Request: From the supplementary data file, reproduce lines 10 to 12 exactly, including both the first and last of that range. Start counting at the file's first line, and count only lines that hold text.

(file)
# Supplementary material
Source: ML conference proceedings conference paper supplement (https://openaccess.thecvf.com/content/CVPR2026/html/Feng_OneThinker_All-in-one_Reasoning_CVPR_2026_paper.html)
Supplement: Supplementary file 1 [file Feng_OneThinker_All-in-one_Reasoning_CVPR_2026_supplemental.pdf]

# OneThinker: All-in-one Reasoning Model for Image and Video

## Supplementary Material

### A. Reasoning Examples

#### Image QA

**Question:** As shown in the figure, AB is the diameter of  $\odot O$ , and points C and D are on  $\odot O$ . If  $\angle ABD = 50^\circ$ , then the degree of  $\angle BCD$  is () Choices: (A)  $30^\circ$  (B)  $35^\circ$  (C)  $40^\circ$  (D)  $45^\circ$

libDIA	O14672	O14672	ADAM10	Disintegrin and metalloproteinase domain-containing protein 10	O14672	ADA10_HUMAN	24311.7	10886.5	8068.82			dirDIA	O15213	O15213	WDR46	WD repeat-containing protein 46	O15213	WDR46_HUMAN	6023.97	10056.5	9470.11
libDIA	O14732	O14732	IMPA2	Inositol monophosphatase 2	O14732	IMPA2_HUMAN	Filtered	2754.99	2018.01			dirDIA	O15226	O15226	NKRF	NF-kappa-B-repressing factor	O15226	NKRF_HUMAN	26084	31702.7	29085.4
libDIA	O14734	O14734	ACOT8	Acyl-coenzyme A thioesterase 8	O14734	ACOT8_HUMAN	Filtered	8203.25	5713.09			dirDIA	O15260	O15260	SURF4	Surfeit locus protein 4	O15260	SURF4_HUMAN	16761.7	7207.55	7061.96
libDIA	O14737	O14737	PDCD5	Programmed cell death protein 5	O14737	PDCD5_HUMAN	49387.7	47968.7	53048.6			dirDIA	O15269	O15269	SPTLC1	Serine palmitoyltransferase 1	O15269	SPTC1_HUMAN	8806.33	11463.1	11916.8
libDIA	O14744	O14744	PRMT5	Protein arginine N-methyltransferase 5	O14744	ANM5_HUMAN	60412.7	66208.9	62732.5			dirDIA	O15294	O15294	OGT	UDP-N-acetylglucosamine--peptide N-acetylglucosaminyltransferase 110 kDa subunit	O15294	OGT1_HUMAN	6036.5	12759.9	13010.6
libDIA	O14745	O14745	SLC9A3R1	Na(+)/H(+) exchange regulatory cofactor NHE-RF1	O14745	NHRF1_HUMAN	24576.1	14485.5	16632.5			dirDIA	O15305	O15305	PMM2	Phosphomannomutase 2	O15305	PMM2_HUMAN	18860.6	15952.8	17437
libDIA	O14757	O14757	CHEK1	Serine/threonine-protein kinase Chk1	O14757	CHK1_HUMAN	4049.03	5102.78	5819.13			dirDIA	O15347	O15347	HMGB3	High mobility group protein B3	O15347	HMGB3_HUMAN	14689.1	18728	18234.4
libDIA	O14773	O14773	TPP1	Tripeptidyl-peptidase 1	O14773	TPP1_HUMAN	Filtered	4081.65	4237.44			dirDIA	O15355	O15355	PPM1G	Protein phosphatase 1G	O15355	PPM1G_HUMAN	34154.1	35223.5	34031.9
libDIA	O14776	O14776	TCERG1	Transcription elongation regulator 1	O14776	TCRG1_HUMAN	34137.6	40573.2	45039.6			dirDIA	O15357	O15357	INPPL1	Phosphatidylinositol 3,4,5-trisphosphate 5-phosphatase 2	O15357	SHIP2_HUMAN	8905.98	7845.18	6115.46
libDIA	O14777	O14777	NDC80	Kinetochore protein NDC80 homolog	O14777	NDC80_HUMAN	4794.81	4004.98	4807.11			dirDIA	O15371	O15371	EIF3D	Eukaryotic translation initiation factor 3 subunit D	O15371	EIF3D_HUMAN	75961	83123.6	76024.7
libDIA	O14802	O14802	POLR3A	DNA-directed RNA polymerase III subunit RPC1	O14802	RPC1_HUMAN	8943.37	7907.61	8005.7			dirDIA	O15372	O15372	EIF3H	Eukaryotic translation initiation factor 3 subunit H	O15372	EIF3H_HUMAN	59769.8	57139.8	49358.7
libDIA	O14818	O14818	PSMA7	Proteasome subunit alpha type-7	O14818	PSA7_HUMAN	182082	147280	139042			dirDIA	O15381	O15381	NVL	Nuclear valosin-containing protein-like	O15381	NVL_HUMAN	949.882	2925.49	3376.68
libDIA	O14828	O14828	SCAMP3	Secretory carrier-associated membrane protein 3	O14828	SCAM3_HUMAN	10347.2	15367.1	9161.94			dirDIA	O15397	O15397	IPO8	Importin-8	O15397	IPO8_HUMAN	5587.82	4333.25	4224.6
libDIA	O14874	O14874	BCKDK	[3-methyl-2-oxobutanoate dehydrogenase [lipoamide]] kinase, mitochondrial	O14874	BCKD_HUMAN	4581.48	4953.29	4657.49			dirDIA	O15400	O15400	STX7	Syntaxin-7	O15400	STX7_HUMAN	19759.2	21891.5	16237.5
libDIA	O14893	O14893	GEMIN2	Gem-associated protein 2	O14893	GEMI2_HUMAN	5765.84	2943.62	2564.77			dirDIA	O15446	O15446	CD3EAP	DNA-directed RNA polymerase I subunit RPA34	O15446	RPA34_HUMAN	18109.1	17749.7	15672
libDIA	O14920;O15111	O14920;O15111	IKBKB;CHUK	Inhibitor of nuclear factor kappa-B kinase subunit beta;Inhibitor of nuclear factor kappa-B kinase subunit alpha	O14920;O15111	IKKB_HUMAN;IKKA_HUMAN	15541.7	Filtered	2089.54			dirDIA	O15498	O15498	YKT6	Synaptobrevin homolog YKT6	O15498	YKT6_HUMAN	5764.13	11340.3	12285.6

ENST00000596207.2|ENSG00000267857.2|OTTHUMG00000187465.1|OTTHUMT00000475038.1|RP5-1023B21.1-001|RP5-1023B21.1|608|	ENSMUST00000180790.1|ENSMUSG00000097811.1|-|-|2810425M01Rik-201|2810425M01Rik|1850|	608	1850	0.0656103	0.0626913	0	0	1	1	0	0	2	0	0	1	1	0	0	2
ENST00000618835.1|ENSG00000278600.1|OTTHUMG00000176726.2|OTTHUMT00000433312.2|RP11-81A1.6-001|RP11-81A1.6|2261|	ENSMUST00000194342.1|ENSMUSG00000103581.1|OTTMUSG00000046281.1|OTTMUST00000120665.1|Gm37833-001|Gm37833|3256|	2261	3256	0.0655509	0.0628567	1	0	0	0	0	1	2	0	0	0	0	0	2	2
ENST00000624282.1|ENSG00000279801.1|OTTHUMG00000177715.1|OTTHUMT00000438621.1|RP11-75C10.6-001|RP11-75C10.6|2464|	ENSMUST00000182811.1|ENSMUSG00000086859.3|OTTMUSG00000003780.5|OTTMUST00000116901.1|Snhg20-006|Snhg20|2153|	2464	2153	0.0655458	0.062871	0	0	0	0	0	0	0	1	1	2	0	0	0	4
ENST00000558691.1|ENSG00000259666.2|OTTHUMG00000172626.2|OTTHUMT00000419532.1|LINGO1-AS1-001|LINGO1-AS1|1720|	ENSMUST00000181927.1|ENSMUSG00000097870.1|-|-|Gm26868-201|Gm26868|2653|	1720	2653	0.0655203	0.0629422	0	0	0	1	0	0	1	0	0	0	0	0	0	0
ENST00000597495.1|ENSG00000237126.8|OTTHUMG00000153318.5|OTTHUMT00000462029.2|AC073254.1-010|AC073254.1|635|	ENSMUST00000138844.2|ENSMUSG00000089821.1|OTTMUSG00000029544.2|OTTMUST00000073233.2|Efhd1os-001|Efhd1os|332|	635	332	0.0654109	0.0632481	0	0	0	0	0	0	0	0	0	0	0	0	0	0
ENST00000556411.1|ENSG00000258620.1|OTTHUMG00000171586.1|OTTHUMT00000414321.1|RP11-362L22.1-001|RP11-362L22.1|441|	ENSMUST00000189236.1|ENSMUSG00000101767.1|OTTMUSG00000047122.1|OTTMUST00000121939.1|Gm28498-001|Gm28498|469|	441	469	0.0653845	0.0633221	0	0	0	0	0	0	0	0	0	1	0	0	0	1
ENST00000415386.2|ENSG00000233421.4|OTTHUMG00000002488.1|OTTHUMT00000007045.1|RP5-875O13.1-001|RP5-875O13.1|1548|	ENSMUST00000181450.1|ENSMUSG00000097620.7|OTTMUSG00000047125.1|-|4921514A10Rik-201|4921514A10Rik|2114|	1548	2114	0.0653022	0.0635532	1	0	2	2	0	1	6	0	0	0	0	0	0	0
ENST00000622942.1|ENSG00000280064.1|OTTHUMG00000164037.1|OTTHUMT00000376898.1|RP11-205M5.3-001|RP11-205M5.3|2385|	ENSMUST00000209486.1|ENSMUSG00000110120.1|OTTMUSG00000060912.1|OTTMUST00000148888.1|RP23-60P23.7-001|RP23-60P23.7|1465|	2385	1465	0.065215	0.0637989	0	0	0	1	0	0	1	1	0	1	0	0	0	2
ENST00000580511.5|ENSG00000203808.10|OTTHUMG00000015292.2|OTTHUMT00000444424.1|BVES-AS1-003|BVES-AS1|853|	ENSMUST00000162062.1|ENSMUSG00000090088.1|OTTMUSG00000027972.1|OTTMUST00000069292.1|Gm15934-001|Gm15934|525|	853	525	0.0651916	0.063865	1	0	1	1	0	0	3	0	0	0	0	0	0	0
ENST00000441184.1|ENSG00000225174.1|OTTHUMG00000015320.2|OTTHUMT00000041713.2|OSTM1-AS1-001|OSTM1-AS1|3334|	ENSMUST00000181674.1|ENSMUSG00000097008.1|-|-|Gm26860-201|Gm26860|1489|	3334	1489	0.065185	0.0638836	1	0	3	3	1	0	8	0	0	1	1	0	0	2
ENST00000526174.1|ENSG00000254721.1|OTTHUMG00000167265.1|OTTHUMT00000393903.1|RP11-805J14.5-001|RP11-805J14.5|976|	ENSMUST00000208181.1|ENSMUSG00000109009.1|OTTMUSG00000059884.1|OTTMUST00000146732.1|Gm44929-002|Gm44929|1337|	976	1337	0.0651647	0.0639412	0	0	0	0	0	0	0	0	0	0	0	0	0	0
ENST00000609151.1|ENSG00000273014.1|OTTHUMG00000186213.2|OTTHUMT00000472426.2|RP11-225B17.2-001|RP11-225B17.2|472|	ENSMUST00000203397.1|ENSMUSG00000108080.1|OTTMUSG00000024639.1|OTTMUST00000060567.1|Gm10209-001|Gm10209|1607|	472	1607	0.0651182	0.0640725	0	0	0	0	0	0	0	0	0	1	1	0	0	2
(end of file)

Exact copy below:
libDIA	O14732	O14732	IMPA2	Inositol monophosphatase 2	O14732	IMPA2_HUMAN	Filtered	2754.99	2018.01			dirDIA	O15226	O15226	NKRF	NF-kappa-B-repressing factor	O15226	NKRF_HUMAN	26084	31702.7	29085.4
libDIA	O14734	O14734	ACOT8	Acyl-coenzyme A thioesterase 8	O14734	ACOT8_HUMAN	Filtered	8203.25	5713.09			dirDIA	O15260	O15260	SURF4	Surfeit locus protein 4	O15260	SURF4_HUMAN	16761.7	7207.55	7061.96
libDIA	O14737	O14737	PDCD5	Programmed cell death protein 5	O14737	PDCD5_HUMAN	49387.7	47968.7	53048.6			dirDIA	O15269	O15269	SPTLC1	Serine palmitoyltransferase 1	O15269	SPTC1_HUMAN	8806.33	11463.1	11916.8